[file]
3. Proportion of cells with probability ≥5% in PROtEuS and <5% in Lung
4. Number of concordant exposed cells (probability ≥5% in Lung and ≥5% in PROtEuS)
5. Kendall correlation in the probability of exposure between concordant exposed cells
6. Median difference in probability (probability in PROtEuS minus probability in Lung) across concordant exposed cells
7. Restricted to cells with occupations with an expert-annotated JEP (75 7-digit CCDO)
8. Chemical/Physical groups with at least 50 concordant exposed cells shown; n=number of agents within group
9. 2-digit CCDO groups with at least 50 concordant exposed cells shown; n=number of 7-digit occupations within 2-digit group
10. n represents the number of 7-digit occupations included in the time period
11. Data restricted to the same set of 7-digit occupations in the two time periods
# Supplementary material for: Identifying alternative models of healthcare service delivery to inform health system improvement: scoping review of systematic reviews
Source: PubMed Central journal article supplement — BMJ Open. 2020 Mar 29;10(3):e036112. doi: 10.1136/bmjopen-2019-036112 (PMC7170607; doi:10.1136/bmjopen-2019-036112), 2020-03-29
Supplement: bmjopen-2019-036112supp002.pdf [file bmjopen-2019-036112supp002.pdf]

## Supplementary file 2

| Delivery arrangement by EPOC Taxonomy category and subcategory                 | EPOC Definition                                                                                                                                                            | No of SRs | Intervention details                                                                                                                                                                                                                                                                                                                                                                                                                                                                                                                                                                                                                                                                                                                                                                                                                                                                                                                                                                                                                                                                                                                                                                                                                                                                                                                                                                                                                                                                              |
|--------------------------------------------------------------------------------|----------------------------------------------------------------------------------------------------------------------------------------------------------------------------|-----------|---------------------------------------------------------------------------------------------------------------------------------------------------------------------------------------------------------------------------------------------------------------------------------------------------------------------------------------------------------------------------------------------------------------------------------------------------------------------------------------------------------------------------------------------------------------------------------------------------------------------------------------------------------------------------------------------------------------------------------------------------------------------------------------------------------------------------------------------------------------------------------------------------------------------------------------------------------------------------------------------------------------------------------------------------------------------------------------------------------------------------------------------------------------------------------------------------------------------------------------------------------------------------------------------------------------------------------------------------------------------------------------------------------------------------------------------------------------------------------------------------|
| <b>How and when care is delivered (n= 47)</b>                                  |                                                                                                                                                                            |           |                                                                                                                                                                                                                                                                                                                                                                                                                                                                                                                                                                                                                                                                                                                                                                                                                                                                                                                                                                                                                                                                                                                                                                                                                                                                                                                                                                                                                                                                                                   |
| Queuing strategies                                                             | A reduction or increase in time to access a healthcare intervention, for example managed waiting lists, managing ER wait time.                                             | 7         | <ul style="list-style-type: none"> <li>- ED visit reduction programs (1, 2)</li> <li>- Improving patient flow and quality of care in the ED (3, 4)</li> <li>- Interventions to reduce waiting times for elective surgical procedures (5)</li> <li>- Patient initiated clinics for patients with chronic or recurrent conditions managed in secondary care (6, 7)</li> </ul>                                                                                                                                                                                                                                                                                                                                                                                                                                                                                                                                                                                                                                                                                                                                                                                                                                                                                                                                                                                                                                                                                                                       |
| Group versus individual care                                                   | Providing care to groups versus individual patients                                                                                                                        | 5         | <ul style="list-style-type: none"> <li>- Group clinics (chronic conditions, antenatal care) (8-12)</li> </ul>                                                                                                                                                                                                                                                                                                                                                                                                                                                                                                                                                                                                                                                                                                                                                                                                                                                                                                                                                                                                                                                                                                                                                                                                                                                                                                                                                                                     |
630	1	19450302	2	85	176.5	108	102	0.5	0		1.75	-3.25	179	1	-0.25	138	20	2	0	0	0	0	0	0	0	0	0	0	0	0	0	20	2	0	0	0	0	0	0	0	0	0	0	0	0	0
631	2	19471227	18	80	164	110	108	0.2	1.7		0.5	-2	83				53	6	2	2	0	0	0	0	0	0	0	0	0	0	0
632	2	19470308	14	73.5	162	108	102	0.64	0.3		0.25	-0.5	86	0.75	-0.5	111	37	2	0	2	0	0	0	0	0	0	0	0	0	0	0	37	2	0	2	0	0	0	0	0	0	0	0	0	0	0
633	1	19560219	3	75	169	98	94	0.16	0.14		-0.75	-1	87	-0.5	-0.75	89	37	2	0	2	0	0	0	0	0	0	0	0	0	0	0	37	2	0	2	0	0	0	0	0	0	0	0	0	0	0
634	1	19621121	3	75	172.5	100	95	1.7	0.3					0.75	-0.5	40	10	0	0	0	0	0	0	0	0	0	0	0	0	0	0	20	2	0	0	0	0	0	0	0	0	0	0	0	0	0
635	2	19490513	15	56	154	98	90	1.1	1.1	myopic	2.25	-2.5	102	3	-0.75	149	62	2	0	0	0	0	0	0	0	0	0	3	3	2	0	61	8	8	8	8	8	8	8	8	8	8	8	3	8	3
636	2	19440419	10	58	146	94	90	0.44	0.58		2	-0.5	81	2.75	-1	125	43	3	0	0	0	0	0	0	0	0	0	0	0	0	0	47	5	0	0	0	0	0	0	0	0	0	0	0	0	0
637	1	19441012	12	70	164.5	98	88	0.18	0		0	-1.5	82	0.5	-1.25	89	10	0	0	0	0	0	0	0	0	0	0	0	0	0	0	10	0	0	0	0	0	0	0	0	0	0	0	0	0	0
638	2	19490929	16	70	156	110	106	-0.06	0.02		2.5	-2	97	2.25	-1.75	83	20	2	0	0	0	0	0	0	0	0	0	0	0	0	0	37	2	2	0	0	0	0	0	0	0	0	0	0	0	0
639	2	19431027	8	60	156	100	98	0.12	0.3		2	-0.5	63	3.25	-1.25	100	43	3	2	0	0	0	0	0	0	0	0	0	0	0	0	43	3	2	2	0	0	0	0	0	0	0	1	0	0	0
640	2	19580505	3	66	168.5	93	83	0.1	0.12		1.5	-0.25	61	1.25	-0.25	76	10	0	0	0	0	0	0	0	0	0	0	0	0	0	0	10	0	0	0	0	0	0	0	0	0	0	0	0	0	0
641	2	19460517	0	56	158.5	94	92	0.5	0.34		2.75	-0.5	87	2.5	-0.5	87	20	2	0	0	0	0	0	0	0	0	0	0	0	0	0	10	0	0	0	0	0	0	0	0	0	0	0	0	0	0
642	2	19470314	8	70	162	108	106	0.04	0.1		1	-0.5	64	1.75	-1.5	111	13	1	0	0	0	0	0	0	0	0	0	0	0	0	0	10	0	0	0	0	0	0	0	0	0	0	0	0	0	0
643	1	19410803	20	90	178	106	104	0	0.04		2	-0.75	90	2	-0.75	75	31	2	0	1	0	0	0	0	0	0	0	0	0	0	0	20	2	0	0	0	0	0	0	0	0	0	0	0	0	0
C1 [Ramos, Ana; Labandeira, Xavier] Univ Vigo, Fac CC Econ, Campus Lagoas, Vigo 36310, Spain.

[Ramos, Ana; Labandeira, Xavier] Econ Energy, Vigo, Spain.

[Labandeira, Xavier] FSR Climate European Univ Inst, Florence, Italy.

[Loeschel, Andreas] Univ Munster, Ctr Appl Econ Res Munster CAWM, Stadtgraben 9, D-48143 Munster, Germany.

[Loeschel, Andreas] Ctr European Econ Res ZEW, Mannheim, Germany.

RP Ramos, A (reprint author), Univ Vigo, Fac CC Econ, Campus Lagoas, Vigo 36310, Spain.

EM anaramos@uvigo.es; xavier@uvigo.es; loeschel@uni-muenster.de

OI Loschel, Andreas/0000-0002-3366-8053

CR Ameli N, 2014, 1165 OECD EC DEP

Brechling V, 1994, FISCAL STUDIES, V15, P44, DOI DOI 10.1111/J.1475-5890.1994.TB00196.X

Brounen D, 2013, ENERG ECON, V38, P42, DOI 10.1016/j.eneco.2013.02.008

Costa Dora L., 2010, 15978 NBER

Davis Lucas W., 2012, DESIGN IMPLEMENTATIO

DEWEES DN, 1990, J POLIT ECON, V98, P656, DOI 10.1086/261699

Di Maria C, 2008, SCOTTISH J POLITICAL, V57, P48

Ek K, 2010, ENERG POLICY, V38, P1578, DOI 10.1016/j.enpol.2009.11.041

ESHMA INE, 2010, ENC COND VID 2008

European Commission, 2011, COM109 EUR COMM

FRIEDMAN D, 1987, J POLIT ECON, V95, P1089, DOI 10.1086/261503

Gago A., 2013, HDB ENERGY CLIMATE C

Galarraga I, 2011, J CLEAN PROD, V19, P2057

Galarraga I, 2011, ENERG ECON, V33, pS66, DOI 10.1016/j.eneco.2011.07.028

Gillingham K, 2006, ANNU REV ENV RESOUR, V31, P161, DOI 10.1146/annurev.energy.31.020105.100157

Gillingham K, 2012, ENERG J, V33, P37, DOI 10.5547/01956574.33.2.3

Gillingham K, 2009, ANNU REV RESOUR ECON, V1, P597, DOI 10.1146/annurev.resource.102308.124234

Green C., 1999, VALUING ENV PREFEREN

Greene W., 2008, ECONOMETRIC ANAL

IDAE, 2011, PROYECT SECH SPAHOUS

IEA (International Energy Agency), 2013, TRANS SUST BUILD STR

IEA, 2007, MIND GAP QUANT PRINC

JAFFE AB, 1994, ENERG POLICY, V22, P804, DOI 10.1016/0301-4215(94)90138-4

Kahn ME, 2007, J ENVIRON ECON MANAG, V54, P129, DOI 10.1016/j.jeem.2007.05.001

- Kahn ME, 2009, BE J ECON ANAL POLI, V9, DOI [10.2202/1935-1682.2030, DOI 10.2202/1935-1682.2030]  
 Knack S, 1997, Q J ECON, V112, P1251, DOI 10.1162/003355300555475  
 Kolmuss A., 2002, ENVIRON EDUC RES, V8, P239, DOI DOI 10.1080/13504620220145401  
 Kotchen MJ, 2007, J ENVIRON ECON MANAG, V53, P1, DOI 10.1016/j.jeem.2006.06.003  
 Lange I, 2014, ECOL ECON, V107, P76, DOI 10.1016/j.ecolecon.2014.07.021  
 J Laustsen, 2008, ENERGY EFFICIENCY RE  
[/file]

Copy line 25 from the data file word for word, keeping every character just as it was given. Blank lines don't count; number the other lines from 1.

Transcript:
636	2	19440419	10	58	146	94	90	0.44	0.58		2	-0.5	81	2.75	-1	125	43	3	0	0	0	0	0	0	0	0	0	0	0	0	0	47	5	0	0	0	0	0	0	0	0	0	0	0	0	0